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28.2.13

Why computational neuroscience is interesting

Someone on Quora asked me to answer this.

Computational neuroscience is another tool. The brain is a very hard problem, and some scientists try to crack its secrets at the level of synapses and ion channels. Others work on neural firing, or neurotransmitters, or people with brain diseases.


But experimental work only gets us so far. To paraphrase Rutherford, without models, experimental data collection is just stamp collecting. It is often said that neuroscience is "data rich, but theory poor," and that's where the computational neuroscientists come into play.

Yes, "all models are wrong, but some are useful." But without a model to test, what are we doing? Neuroimaging experiments are certainly testing hypotheses, but at the end of the day how useful (or interesting?) is it to say "behavior X preferentially activates brain region A?"

Better would be a model that says that visual cortical neurons learn visual perception through Bayesian probabilistic integration of prior information. This provides a mathematical model and a basis for sensory learning that can then be directly tested experimentally (allowing researchers to hone in on a more "correct" model) that then carries its own predictions about how the brain works.

It's not a "different" way of doing research, it's a powerful complement to experimental work.

5 comments:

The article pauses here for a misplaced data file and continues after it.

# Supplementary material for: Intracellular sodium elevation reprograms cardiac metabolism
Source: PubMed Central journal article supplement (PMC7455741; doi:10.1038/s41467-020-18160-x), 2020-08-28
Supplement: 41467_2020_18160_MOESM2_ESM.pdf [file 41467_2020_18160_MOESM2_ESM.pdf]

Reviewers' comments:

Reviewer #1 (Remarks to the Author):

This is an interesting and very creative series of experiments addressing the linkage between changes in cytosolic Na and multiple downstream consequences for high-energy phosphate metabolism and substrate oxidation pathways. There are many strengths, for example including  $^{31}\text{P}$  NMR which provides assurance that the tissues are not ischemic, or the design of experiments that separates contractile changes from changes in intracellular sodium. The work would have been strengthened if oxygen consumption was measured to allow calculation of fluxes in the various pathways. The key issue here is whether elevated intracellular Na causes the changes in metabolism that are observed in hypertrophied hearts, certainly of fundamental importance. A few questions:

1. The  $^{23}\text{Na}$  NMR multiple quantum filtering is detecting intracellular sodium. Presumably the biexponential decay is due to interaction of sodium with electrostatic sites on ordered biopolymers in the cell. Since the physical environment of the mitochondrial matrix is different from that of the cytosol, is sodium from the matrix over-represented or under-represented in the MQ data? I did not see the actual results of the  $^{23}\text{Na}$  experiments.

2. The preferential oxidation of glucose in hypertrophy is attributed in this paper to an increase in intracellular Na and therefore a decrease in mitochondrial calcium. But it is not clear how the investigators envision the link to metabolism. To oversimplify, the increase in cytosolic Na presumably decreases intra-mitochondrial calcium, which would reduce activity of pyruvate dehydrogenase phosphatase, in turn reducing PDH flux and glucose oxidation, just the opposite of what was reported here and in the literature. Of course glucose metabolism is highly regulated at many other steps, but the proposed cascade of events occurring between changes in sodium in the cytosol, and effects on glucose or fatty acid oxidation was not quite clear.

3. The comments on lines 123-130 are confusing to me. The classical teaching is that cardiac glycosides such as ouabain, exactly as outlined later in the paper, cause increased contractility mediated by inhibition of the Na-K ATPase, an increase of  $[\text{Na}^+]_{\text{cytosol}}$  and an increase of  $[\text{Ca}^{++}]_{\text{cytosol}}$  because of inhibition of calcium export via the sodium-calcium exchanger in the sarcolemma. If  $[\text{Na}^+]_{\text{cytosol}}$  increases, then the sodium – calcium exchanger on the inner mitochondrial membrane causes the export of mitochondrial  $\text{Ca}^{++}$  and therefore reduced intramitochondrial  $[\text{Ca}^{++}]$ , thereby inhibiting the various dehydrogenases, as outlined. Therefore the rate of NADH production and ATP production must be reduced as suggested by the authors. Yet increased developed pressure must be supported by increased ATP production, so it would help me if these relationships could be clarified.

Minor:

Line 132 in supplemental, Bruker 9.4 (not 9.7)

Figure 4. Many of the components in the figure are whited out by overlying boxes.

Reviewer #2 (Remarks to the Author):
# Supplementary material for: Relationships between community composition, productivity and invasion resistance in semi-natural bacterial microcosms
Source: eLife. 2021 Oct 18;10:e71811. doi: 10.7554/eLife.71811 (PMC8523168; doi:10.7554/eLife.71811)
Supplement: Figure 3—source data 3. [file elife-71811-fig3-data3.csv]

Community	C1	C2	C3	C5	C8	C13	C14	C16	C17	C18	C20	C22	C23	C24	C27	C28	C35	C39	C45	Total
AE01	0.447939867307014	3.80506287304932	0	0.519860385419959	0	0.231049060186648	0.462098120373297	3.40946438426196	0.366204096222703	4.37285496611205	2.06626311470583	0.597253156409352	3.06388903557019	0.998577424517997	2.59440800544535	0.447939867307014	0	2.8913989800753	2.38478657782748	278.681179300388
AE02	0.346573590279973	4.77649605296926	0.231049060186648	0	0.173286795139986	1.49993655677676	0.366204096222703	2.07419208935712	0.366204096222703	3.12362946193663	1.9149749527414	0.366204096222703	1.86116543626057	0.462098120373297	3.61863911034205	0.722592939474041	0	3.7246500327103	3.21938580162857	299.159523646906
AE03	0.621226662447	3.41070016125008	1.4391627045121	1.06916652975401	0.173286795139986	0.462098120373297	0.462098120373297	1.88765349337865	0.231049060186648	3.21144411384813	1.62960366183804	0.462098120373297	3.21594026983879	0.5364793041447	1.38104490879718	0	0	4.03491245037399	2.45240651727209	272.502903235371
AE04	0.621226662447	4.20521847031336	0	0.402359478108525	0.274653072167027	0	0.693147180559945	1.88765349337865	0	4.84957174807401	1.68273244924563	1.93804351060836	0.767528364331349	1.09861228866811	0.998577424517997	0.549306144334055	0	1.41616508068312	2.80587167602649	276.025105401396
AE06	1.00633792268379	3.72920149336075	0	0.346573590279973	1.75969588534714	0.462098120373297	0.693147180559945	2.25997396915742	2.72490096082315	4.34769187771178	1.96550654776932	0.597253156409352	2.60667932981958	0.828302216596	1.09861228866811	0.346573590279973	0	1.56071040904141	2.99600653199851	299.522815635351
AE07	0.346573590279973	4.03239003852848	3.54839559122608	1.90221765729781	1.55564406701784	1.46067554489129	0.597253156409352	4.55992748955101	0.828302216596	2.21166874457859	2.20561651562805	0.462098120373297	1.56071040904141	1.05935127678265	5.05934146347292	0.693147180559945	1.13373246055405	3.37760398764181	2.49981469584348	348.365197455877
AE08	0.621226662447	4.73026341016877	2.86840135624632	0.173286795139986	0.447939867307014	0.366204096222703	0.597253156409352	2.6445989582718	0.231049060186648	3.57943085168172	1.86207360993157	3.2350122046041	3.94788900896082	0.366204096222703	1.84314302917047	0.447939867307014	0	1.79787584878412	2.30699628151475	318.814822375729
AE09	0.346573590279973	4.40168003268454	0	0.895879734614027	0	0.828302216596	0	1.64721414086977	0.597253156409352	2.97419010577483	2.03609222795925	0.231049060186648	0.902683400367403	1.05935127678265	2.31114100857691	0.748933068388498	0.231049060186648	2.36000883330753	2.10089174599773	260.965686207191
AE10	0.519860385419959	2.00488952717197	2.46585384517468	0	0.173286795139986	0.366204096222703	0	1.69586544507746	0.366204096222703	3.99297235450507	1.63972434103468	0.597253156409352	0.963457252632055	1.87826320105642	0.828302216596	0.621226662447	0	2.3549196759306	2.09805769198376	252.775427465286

1. Couldn't agree more. Psychiatry has the same problem in that it takes a pluralist approach to data collection with no guiding theory or model to integrate across levels of explanation. Interpretation and explanation is necessarily theory laden thus without an overriding ontology or model of mental illness, we are left with people's personal implicit philosophical assumptions and everyone ends up taking past one another. http://mancpsychsoc.blogspot.co.uk/2013/02/why-psychiatry-needs-unified-theory-of.html

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    1. Cognitive neuroscience is in a similar situation: we've got a lot of ontological baggage that we carry from psychology that's hard to shake. Concepts such as "working memory" or "attention" are really just placeholder terms for behaviors that may or may not have a unified neurobiological basis. But instead of thinking that way, we're often stuck "looking" for a neural basis for what is essentially an idea.

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    2. Its interesting stuff. From a psychiatry perspective its embarrassing that its central model Engel's ' biopsychosocial model' isnt a model at all! at best its a kind of loose theory that doesnt really say any more than take 'these three levels of explanation into account!' Do you have any links for blog posts or papers that discuss these kind of problems in cognitive neuroscience?

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    3. The closest I've seen is this (contentious) one: http://www.frontiersin.org/Theoretical_and_Philosophical_Psychology/10.3389/fpsyg.2011.00246/abstract

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